Thursday, September 14, 2023

Ed Sweeney: “A Sunday Drive” (2023) CD Review

Ed Sweeney is a musician who works in the traditional folk realm, with a tremendous talent and also a passion for music and its history. He released his first album, The Times, They Are Something Like They Used To Be, in 1982 (I love that title, by the way), and has followed that with several others over the years, including two Christmas albums. On his new album, A Sunday Drive, he is joined by Cathy Clasper-Torch on fiddle, cello and erhu. Cathy Clasper-Torch has played and recorded with several other musicians, and also released a solo album, Here Between, in 2011. On this new album, they deliver mostly traditional folk numbers, songs in the public domain, though there are also some more modern numbers and an original composition by Ed Sweeney.

Opening an album with “Auld Lang Syne” is an interesting choice, for it’s a song about recalling times gone by. Often people place this at or near the end of an album, but this song, traditionally associated with New Year’s Eve, makes sense at the beginning, particularly of an album that does often look back. And these guys deliver a beautiful instrumental rendition. Cathy’s fiddle is particularly gorgeous, seeming to promise that the next year is going to be glorious, or at least that we’ll all get through it together. We need that kind of hope. That’s followed by “A Long Time Traveling.” On this one, Ed Sweeney plays banjo. “I’m a long time traveling here below/A long time traveling away from my home/I’m a long time traveling here below/Gonna lay this body down.” Yes, the second song is about getting close to the end. But I suppose this too is about a possible new beginning. For there is hope here too, as he sings that he will “bid farewell to every tear and wipe my weeping eyes.” That line is also sung in “When I Can Read My Title Clear,” though in that song the word is “fear” not “tear.”

“Right Foot Out” begins with some pretty work on guitar, softly grabbing you. And the work on strings is incredibly moving. This song was written by Stephen Snyder, and is one of my personal favorites on this album. It is an ultimately positive and uplifting song, as he sings, “Mama, lift me up/I want to learn to walk away/I put my right foot out/I put my right foot out/See me walk away.” Though there is also something sad in it, an end of innocence, a leaving of home, at least those first steps away. This track is sad and beautiful and true. That’s followed by “Bury Me Not On The Lone Prairie,” another song about the end, about the grave. And on this track, Ed Sweeney and Cathy Clasper-Torch are joined by Daryl Black Eagle Jamiesen on drum and rattle. “I’ve always wished/To be laid when I die/In a little churchyard/On the green hillside/By my father’s grave/Just let me be.” Death has been on my mind a lot in recent years. It seems to be hanging out in the air, snatching folks at will, and without provocation, though I suppose that’s always been the case. They then cover one of The Beatles’ best songs, “While My Guitar Gently Weeps,” delivering a beautiful and moving instrumental rendition.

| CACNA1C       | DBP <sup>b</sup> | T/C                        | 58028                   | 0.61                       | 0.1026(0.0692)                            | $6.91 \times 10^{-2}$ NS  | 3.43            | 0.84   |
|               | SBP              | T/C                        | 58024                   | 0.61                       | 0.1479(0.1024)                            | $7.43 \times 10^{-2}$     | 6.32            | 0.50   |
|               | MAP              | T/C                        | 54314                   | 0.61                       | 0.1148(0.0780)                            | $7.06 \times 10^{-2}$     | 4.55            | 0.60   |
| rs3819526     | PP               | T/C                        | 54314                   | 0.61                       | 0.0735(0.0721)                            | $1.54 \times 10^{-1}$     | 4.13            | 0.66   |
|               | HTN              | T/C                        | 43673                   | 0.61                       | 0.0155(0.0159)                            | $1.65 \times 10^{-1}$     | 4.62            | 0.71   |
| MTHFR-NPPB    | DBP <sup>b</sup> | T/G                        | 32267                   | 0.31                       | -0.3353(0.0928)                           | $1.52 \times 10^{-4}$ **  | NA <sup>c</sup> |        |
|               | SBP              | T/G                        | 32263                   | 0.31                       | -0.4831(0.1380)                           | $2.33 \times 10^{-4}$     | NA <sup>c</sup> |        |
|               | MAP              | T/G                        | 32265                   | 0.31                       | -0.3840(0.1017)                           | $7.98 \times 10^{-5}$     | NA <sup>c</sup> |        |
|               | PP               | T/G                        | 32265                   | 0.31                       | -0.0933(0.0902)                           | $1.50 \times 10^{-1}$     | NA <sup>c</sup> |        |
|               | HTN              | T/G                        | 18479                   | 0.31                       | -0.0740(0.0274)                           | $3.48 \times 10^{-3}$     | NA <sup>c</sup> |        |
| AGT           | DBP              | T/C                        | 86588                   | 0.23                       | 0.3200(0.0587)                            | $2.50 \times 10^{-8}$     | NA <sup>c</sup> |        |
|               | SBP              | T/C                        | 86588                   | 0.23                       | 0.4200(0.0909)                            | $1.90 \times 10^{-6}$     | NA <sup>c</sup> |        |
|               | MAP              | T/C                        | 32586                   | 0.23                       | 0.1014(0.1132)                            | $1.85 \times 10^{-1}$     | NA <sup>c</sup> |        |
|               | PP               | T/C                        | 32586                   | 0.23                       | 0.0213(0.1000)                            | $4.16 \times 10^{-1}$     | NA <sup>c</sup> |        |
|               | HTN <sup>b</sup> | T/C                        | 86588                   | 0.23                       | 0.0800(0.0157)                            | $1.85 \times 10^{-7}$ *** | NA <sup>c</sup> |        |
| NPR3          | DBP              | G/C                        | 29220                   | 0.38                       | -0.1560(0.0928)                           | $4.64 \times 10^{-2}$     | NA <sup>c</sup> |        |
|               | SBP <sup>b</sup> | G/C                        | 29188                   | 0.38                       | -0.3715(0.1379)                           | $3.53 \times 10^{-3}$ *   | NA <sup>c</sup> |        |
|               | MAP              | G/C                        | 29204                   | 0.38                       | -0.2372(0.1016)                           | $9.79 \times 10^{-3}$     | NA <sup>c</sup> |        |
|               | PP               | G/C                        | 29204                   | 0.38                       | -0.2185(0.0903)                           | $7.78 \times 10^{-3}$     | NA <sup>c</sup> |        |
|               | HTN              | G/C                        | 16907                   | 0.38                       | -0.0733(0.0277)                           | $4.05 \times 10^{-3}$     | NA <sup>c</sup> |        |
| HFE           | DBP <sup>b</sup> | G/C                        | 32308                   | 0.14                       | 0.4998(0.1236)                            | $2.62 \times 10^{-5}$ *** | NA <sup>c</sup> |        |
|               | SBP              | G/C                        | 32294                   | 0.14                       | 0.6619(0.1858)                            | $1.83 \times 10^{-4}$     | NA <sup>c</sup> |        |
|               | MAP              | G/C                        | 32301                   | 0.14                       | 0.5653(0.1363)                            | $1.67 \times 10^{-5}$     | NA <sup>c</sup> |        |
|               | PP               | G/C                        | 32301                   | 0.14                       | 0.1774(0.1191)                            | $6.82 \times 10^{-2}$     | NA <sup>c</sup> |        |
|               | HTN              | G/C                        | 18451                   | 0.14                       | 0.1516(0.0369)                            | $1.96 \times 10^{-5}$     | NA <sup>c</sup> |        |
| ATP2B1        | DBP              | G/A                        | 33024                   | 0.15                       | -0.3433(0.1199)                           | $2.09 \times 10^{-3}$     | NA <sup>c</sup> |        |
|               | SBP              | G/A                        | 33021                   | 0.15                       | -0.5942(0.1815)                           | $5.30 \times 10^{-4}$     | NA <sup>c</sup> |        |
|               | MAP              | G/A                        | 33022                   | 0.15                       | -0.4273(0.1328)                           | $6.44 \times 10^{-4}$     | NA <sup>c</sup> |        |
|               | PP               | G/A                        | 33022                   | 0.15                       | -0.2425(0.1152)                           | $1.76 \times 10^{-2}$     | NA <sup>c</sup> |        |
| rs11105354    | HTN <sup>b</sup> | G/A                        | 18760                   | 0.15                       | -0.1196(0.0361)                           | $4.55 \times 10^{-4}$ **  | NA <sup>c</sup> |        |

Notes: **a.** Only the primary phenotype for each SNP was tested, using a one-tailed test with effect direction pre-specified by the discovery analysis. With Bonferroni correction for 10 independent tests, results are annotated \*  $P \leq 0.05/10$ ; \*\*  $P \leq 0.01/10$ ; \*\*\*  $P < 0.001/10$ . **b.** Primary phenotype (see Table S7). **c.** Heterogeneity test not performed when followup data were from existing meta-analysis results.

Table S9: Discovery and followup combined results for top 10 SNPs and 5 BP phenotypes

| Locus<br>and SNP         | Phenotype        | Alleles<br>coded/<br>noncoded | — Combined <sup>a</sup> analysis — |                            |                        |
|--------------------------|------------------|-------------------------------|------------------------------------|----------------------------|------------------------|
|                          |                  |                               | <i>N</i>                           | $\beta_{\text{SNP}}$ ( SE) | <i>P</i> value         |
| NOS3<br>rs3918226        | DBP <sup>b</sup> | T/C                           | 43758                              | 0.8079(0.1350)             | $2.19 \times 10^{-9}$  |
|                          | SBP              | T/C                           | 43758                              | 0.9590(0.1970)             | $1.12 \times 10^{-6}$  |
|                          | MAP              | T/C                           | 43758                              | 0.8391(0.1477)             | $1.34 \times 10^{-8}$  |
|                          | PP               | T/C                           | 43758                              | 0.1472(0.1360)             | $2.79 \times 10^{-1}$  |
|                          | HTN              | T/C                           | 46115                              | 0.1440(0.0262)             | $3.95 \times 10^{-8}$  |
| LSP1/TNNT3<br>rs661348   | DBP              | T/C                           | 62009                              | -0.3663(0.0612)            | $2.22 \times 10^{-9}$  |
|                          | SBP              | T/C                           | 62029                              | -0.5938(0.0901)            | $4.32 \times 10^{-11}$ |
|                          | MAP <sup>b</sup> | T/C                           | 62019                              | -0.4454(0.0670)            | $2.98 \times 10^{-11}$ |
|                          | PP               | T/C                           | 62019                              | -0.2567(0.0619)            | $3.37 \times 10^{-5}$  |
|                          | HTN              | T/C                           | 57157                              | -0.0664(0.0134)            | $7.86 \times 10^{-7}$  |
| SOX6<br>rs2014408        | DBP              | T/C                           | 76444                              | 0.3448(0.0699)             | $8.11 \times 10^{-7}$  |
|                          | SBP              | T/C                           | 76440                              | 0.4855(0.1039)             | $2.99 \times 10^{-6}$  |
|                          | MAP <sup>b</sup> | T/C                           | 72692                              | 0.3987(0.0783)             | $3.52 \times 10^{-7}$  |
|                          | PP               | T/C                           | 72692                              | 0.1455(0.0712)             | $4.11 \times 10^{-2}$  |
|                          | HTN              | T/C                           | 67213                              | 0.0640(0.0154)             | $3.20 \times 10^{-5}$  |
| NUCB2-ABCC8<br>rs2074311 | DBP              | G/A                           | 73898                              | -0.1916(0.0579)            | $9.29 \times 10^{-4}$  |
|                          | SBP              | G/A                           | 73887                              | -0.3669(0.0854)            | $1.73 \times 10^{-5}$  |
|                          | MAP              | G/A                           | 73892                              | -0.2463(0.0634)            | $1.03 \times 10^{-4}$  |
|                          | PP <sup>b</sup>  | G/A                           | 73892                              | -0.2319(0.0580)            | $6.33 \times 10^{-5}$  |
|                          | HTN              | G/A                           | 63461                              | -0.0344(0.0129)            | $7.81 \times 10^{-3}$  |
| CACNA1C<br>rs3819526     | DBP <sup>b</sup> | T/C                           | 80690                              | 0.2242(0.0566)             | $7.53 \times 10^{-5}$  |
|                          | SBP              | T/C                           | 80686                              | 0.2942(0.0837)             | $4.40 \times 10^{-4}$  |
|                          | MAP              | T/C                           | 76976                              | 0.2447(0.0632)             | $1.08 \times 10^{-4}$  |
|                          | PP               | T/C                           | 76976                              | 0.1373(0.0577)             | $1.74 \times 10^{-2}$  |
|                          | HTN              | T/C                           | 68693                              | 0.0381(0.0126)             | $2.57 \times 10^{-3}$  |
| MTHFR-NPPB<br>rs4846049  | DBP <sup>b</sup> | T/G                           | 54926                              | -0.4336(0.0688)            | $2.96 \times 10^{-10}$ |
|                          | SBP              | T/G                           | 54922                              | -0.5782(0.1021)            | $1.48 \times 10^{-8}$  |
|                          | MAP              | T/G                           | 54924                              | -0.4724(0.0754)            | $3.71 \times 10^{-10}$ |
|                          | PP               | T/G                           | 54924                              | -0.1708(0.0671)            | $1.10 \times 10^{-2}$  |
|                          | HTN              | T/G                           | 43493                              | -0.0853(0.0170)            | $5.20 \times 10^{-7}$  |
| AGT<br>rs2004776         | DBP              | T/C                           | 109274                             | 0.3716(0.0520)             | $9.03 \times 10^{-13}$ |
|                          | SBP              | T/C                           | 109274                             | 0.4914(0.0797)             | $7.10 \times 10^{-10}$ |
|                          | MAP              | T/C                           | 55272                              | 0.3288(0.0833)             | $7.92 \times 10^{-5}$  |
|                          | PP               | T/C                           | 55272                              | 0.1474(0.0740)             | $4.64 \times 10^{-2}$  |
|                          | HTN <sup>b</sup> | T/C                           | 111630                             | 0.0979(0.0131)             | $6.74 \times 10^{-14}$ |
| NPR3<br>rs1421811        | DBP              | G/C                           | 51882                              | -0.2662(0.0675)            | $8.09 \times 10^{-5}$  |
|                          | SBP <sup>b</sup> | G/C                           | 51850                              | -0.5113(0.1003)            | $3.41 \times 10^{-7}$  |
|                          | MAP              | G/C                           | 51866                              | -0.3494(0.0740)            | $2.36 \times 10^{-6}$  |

“A Lament For The Death Of The Reverend Archie Beaton” is a beautiful Irish instrumental number in the public domain. Cathy Clasper-Torch delivers some excellent work here. Ed Sweeney then switches back to banjo for “Walking Boss,” which has a nice, raw edge. “I worked all day, took no pay, took no pay/And I slept in a shanty too.” The violin then rises up as if to protest these conditions, to appeal to a higher source, or to sing in praise of the resilience of the human spirit. That is followed by the album’s only original song, “A Little Traveling Music,” written by Ed Sweeney. This is an instrumental number to accompany you on your way. There is some blues in here, because isn’t there always a bit of the blues when you’re on the road?

“When I Get Home” is yet another track that addresses death. “I will lay my burdens down when I get home,” Ed Sweeney sings near the beginning of this one. “When I get home, when I get home/All sorrow will be over when I get home.” This song is preparing us, I suppose. It is always interesting to me when a song seems to look forward to death. Perhaps it’s because I personally have no interest in dying. I would miss too many concerts if I did that. “When I Get Home” is followed by “A Childhood Medley.” We keep thinking about the end of the road while listening to this album, but this piece takes us back to the beginning, reminding us of our childhood. It’s an instrumental medley that begins with “Frere Jacques.” Ed Sweeney gives a little laugh at the end. The album then concludes with “Distant Shore,” a pretty song written by Mary King. “So come back, my darling, no matter where you be/Come back, my darling, come back to me/I will follow you, my dear/Across the distant shore.”

CD Track List

  1. Auld Lang Syne
  2. A Long Time Traveling
  3. Right Foot Out
  4. Bury Me Not On The Lone Prairie
  5. While My Guitar Gently Weeps
  6. A Lament For The Death Of The Reverend Archie Beaton
  7. Walking Boss
  8. A Little Traveling Music
  9. When I Get Home
  10. A Childhood Medley
  11. Distant Shore

A Sunday Drive is scheduled to be released on October 6, 2023.

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